In 2005, the U.S. Census Bureau announced that Texas had become a majority-minority state. In 2010 Texas legislators enacted a law that disenfranchised an untold number of Latinos and African American voters. A civil action was filed challenging the law under the U.S. Constitution and the Voting Rights Act. The district court ruled that the law had a disparate impact and was enacted with a discriminatory intent. Texas appealed and a panel of the Court of Appeals affirmed in part, vacated in part, and remanded the case for further findings.

After a rehearing en banc the Fifth Circuit affirmed the trial court’s decision on the discriminatory effect issue and remanded the discriminatory intent issue for reconsideration by the district court. In January of 2017, the Supreme Court denied Texas’ petition for a writ of certiorari but left open the possibility of an appeal at a later time. On April 10, 2017, the trial court affirmed its earlier ruling that the legislature acted with a discriminatory intent when it enacted a voter ID law.

Veasey v. Abbott was prompted by the passage of Senate Bill 14 (“SB 14”). The barriers to voting this law erected were enormous. Voters were required to present one of the following: a Texas driver’s license or personal identification card issued by the Department of Public Safety (“DPS”); a U.S. military identification card with a photograph; a U.S. citizenship certificate with a photo; a U.S. passport; a license to carry a concealed handgun issued by DPS; or an Election Identification Certificate (“EIC”) issued by DPS.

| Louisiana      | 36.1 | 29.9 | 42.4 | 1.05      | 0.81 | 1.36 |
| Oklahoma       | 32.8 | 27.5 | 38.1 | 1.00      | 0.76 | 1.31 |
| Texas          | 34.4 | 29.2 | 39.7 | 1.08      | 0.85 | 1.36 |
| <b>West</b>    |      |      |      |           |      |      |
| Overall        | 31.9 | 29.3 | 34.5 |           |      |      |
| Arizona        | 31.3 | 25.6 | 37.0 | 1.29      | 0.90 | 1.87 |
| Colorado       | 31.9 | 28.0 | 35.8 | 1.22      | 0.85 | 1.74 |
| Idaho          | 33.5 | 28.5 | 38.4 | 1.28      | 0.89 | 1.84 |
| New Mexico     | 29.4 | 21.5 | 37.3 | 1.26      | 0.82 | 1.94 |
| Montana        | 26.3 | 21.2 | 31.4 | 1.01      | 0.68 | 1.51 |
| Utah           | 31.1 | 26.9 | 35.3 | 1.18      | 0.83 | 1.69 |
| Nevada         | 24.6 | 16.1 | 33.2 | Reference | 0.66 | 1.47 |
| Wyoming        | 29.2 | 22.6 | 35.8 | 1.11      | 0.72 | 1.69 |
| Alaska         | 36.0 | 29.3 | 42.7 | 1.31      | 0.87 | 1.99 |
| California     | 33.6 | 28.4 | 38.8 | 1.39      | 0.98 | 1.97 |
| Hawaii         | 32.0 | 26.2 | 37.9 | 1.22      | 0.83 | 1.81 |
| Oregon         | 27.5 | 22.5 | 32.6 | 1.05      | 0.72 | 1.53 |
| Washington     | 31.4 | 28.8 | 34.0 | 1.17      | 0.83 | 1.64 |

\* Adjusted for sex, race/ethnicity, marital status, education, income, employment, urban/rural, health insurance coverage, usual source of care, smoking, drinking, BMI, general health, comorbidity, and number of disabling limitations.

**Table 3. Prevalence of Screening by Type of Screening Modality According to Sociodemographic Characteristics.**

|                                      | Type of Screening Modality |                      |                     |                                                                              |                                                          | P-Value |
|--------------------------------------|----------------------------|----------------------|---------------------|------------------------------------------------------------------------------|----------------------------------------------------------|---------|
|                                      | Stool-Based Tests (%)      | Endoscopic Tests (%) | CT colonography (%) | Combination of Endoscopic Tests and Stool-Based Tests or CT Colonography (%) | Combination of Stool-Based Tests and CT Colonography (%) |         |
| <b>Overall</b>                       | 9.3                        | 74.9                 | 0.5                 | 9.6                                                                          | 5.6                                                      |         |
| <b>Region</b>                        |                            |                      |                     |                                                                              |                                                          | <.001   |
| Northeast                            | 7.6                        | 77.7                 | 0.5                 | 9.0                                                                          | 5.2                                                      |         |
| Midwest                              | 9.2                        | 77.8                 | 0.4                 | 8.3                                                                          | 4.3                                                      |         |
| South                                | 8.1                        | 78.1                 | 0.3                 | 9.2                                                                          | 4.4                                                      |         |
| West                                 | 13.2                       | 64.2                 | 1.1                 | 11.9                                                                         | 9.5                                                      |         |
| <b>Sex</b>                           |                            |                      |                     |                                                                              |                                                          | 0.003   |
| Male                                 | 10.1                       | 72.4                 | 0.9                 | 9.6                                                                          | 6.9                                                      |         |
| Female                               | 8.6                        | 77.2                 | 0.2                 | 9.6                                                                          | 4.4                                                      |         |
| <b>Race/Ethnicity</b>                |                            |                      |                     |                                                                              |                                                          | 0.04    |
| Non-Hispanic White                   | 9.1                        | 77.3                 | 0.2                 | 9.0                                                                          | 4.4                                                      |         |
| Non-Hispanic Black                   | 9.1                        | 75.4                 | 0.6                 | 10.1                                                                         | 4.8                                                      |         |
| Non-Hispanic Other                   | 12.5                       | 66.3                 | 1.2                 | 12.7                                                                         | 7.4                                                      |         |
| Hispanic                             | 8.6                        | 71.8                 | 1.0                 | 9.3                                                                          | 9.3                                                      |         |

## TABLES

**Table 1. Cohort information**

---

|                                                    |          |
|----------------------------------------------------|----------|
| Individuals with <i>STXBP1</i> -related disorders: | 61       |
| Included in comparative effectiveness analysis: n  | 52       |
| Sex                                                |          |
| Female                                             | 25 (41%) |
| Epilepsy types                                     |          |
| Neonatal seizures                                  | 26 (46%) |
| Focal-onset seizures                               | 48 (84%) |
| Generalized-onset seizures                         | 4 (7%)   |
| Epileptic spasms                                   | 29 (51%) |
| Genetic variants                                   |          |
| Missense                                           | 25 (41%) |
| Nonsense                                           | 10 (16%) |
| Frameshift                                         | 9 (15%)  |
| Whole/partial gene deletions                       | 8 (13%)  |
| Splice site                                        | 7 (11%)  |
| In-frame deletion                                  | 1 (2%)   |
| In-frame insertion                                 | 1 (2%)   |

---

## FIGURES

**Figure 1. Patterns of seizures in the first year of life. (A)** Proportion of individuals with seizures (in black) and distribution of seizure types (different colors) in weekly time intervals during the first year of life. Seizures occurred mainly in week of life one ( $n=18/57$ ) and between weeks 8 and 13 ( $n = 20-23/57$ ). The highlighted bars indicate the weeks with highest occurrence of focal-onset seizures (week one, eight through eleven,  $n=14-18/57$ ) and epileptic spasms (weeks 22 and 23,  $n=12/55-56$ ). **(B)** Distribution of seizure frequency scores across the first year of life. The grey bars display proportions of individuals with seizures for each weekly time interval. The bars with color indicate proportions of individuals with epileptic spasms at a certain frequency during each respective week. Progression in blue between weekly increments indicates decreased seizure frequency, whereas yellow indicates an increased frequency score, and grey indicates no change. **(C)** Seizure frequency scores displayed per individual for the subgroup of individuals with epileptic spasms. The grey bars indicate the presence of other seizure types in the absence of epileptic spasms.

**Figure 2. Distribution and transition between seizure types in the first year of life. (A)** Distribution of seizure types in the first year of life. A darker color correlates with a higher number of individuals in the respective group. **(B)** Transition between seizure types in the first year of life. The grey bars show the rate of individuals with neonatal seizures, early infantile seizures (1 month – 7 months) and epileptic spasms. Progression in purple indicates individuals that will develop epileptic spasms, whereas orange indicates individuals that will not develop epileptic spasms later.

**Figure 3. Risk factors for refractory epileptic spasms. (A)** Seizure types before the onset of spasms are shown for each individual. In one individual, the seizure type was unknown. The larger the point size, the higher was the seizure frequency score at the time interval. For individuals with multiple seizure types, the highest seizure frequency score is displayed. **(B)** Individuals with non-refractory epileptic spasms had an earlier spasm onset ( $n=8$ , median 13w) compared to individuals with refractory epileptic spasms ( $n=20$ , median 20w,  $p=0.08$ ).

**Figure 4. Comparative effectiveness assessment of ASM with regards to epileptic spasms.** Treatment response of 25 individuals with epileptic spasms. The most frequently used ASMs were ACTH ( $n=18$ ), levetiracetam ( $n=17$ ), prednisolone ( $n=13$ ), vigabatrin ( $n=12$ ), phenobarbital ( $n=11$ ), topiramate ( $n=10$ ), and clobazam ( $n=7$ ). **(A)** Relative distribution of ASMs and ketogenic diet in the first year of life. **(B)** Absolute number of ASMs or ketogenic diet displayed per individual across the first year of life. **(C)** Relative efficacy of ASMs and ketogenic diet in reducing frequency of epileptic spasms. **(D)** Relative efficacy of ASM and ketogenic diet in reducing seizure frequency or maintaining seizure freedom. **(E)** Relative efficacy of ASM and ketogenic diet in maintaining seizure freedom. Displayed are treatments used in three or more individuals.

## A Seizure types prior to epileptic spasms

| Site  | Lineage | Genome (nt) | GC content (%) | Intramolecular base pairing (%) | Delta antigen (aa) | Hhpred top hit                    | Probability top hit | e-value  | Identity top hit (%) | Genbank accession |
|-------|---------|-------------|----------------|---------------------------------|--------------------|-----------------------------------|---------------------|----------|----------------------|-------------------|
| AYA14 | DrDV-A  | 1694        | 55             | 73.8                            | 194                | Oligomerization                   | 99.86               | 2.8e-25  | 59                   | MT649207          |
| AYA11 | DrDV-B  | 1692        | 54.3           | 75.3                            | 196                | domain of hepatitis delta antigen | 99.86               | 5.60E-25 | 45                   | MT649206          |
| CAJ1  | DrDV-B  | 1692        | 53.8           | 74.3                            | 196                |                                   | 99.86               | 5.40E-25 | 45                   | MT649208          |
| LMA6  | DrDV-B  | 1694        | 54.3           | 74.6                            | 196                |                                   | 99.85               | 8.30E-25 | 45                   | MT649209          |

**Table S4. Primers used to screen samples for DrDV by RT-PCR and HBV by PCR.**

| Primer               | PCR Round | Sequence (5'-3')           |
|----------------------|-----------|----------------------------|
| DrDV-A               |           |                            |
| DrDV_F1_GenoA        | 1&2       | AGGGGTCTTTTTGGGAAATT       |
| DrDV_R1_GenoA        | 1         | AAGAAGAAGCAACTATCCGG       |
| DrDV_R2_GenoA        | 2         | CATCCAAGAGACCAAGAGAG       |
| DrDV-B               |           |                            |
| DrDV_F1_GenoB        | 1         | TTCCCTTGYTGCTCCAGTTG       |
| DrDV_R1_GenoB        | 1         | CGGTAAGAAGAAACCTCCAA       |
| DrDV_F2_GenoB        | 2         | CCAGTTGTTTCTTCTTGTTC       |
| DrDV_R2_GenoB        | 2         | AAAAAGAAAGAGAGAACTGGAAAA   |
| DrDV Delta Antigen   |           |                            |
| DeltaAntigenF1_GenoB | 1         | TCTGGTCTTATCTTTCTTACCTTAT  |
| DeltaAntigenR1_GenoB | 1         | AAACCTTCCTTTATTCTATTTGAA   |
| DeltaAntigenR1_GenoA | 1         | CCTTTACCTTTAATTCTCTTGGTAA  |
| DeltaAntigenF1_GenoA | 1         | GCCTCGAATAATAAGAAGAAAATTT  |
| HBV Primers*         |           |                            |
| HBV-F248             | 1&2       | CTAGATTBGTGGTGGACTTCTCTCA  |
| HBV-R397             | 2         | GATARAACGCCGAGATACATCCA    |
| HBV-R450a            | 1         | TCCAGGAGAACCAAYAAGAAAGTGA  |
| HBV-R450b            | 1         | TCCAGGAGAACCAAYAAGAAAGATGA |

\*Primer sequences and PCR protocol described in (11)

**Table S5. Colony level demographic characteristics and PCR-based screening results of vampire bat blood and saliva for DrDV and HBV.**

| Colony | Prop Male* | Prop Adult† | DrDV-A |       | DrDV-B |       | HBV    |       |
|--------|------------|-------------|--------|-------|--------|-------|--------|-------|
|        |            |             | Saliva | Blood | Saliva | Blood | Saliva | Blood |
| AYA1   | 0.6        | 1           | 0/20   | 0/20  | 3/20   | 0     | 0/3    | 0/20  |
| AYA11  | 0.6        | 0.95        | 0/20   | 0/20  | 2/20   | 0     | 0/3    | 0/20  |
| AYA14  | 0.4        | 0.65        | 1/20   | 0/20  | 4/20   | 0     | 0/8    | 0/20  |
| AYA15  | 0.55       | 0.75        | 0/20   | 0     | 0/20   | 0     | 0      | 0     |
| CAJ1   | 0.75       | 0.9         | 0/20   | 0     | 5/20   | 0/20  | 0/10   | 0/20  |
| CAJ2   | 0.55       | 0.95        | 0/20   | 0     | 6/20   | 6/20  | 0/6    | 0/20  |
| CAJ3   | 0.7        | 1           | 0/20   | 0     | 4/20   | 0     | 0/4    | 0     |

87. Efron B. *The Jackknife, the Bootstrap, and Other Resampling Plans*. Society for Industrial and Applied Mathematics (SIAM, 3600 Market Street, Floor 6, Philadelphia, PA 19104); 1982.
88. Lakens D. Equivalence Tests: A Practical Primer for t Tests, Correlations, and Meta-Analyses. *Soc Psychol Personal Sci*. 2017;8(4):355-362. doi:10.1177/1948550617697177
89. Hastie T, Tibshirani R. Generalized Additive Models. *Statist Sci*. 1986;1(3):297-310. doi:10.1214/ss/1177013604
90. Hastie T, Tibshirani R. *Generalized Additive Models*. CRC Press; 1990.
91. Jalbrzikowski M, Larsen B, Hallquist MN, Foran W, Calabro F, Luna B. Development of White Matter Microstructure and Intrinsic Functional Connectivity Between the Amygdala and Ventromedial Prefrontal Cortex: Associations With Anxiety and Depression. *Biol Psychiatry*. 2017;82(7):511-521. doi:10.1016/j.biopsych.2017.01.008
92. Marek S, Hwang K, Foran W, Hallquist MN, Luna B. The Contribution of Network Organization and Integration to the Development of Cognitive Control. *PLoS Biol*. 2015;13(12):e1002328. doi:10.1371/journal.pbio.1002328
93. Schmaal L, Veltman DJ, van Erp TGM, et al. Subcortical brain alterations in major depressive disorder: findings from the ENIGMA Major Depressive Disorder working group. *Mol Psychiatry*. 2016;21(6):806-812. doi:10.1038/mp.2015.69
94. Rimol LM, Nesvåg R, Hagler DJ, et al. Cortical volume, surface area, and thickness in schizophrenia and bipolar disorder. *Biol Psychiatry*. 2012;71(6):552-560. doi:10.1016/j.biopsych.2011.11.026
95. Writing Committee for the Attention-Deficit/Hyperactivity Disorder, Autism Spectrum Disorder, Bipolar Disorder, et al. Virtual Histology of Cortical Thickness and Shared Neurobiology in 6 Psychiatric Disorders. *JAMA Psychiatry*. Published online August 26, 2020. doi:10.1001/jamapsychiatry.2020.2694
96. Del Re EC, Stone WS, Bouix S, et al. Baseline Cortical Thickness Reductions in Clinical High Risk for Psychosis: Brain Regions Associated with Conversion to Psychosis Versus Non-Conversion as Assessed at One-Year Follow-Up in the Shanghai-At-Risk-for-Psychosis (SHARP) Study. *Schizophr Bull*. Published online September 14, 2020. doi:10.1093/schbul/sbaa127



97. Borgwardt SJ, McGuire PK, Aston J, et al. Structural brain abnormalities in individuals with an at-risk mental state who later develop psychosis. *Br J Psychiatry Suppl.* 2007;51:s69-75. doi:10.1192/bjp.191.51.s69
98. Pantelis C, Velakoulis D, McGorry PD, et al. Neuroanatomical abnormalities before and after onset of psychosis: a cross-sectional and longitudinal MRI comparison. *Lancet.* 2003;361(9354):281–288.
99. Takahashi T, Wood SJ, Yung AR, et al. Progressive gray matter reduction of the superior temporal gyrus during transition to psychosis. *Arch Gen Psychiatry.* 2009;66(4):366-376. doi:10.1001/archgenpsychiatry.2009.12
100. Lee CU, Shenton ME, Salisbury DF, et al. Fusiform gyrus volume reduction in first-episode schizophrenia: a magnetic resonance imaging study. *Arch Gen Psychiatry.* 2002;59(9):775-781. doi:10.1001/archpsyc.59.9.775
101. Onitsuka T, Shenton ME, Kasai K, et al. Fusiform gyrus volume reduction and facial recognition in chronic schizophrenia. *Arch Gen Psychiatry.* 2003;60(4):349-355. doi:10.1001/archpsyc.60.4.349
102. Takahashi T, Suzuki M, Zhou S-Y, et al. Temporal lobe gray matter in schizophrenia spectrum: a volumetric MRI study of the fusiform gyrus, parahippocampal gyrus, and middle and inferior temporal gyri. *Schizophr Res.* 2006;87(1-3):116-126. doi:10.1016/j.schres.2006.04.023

To obtain an EIC Texas residents were required to present either: one form of primary ID, two forms of secondary ID, or one form of secondary ID and two pieces of supporting identification. This meant that any application for an EIC required either a Texas driver’s license or personal identification card or one of the following documents, accompanied by two forms of supporting identification: (1) an original or certified copy of a birth certificate from the appropriate state agency; (2) an original or certified copy of a United States Department of State Certification of Birth for a U.S. citizen born abroad; (3) U.S. citizenship or naturalization papers without a photo; or (4) an original or certified copy of a court order containing the person’s name and date of birth and indicating an official change of name and/or gender.